In “Unbelievable,” a Lynnwood teenager, played by Kaitlyn Dever, is charged with lying about being raped. (Beth Dubber / Netflix)

In “Unbelievable,” a Lynnwood teenager, played by Kaitlyn Dever, is charged with lying about being raped. (Beth Dubber / Netflix)

Netflix series kept rape survivor in mind, creator says

Susannah Grant was inspired by ProPublica reporting on a Lynnwood case to make “Unbelievable.”

Susannah Grant is a screenwriter and director known for her Oscar-nominated work in the film “Erin Brockovich,” as well as screen adaptations of “In Her Shoes” and “Charlotte’s Web.”

She also is the creator of Netflix’s new true crime series, “Unbelievable,” about a Lynnwood teenager, played by Kaitlyn Dever, who was pressured into retracting a rape allegation. Police later find out she was telling the truth after a pair of female detectives, played by Emmy winners Toni Collette and Merritt Wever, track down her rapist in Colorado.

The show is based on reporting by The Marshall Project and ProPublica and a follow-up radio episode on “This American Life” that won a Pulitzer Prize. The series also draws upon the book “A False Report,” written by the two reporters who researched the 2008 case.

Susannah Grant is the showrunner of Netflix’s new true crime series “Unbelievable.” (Beth Dubber / Netflix)

Susannah Grant is the showrunner of Netflix’s new true crime series “Unbelievable.” (Beth Dubber / Netflix)

Here, Grant, 56, of Santa Monica, California, talks about what inspired the eight-episode series and how all involved strove for authenticity and sensitivity in making the show.

What was it that led you to create “Unbelievable”?

I read the ProPublica and The Marshall Project article and brought it to my production partner, Sarah Timberman, who had also received it from a pair of writers. All of us were interested in turning it into a limited series. We brought it to Netflix, who saw the huge potential of it.

What did you think of the article “An Unbelievable Story of Rape”?

I thought it was just a brilliant piece of journalism. It took an issue I was vaguely aware of and made it so personal and so emotionally affecting, and connected that issue to one person who endured that. I was moved by the character at the heart of the story — known as Marie in our story and in the article — and her ability to withstand just the worst injustices and still continue fighting for the quality of life she felt she deserved. And of course, within that story, there are some really unpleasant truths to look at.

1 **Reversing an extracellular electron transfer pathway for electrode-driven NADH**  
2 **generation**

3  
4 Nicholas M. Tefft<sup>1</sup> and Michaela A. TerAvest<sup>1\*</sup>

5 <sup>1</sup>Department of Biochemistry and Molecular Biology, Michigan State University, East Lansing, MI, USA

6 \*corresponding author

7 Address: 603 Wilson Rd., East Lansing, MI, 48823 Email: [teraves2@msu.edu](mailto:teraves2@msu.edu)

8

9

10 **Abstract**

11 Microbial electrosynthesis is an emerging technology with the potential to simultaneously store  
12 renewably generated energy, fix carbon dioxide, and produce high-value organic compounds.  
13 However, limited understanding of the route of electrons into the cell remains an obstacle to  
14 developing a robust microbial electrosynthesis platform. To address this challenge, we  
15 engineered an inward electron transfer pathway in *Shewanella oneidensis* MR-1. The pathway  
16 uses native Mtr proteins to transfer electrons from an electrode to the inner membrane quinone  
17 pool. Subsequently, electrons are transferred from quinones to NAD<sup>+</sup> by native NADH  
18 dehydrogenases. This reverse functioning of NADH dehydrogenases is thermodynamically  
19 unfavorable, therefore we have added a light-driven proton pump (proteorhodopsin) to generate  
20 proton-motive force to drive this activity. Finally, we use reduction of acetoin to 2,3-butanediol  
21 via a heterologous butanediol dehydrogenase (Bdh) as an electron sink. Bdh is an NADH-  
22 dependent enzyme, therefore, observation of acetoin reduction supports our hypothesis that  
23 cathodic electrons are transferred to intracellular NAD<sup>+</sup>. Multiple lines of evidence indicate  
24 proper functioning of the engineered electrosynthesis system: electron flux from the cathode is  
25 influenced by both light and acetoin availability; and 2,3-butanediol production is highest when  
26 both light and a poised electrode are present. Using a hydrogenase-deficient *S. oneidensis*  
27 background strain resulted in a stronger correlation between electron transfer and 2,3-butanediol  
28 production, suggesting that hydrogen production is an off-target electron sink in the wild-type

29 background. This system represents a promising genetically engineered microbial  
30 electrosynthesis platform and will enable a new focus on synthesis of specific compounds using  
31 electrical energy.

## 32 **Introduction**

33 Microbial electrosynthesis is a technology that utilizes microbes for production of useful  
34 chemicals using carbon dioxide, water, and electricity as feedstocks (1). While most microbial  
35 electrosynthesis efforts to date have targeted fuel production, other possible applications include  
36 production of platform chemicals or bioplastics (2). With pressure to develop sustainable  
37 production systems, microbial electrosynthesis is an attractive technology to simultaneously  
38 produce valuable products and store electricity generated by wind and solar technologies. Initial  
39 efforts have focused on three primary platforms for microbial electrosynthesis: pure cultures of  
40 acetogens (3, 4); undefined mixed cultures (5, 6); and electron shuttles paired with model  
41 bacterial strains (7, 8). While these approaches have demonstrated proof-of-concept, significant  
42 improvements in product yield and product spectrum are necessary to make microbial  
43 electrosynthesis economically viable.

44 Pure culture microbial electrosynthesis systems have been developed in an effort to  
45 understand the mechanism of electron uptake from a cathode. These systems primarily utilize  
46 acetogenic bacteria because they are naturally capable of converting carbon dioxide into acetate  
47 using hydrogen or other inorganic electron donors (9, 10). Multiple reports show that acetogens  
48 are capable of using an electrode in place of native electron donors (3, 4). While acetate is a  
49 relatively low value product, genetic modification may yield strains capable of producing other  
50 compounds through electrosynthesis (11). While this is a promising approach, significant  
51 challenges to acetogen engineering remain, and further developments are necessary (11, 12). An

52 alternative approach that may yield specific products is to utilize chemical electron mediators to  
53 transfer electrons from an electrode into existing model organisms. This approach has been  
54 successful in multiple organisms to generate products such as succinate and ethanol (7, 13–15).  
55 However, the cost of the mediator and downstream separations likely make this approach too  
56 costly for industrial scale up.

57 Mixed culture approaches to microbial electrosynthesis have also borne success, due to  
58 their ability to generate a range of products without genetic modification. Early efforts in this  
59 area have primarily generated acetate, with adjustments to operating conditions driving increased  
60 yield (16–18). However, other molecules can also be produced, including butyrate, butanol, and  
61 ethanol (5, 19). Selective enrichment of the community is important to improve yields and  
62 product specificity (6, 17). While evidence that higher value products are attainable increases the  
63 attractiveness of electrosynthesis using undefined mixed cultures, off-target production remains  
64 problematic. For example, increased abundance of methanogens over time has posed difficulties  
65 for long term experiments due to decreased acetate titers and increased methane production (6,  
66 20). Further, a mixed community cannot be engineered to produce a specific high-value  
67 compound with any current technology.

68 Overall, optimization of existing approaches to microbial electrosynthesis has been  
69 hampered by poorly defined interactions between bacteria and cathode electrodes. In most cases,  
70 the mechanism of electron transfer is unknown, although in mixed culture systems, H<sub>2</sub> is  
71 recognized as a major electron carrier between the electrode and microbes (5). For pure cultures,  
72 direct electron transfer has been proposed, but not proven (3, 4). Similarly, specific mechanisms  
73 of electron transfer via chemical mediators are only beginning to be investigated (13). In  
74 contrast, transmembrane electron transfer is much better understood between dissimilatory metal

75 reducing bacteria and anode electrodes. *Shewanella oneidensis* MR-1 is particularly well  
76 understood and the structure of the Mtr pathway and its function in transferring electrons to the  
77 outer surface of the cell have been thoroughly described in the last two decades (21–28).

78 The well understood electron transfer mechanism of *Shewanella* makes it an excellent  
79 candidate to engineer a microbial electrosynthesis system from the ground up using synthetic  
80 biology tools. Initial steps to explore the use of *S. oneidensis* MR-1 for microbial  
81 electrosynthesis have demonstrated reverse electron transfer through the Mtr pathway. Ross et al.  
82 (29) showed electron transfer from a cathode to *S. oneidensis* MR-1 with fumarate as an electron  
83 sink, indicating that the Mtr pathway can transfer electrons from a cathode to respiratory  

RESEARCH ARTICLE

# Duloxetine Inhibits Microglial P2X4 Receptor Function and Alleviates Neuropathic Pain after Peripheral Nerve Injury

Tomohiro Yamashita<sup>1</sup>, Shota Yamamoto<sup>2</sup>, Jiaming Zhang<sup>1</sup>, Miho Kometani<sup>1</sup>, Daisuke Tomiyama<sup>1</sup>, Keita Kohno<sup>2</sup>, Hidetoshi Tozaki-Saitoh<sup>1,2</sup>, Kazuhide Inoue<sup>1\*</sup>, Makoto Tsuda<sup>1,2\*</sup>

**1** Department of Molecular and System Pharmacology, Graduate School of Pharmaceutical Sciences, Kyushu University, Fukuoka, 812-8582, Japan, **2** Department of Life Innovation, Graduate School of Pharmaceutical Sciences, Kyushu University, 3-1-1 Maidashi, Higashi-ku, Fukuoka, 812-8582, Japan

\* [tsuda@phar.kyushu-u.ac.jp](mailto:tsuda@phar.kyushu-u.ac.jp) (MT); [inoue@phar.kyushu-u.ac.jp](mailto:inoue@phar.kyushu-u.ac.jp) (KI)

Like what?

A very small percentage of rapes are reported and a minute amount of them are prosecuted. The number of new cases that were similar to Marie’s — just over the course of making this show the past two years — was really surprising. You come across one every three to six weeks. It’s very resonate of the tact in our story and how it’s very clearly not an isolated incident. I knew the statistics. I saw the opportunity to do what the article did and “This American Life” did as well, and tell it in a different medium and connect with audiences in a different way and magnify it.

Did you feel any societal pressures?

Yes. You’re telling the story of real people, and not just real people, but real people and possibly the worst things they’ll ever have to endure in their lives. We knew at the get-go we had to treat this story with respect and really tell the truth of it without turning it into sensationalism at all. It was a good pressure — it was something to be very mindful of, from the tonal decisions and visual decisions we were making. We talked about it as we were shooting: Keep the real people in mind and bring the respect to your work every day as if you were looking them in the eye.

What was your approach from a filmmaking perspective?

We all agreed we wanted to tell the story with a lot of authenticity. We didn’t want it to live in the fantasy land that a lot of entertainment can live in, but in a way that is successful for those. It had to feel very real. We talked to our hair and makeup people and said we don’t want perfect hair — we wanted their hair to look like someone’s been living in the world. Our wardrobes people encouraged our actors to get in their clothes very early in the day to make it look like they were lived in.

Tell me more about Marie’s character.

When you meet her, she’s gone through this horrible, dreadful traumatic experience. The rest of the show is her trying to get herself back to the place she was in before — she had just aged out of a foster care system and really optimistically starting her very young adult life — and she never loses that desire to make her life what she wanted it to be. I found that so inspiring, how hard she fought for her quality of life, even as the odds got stacked higher and higher against her.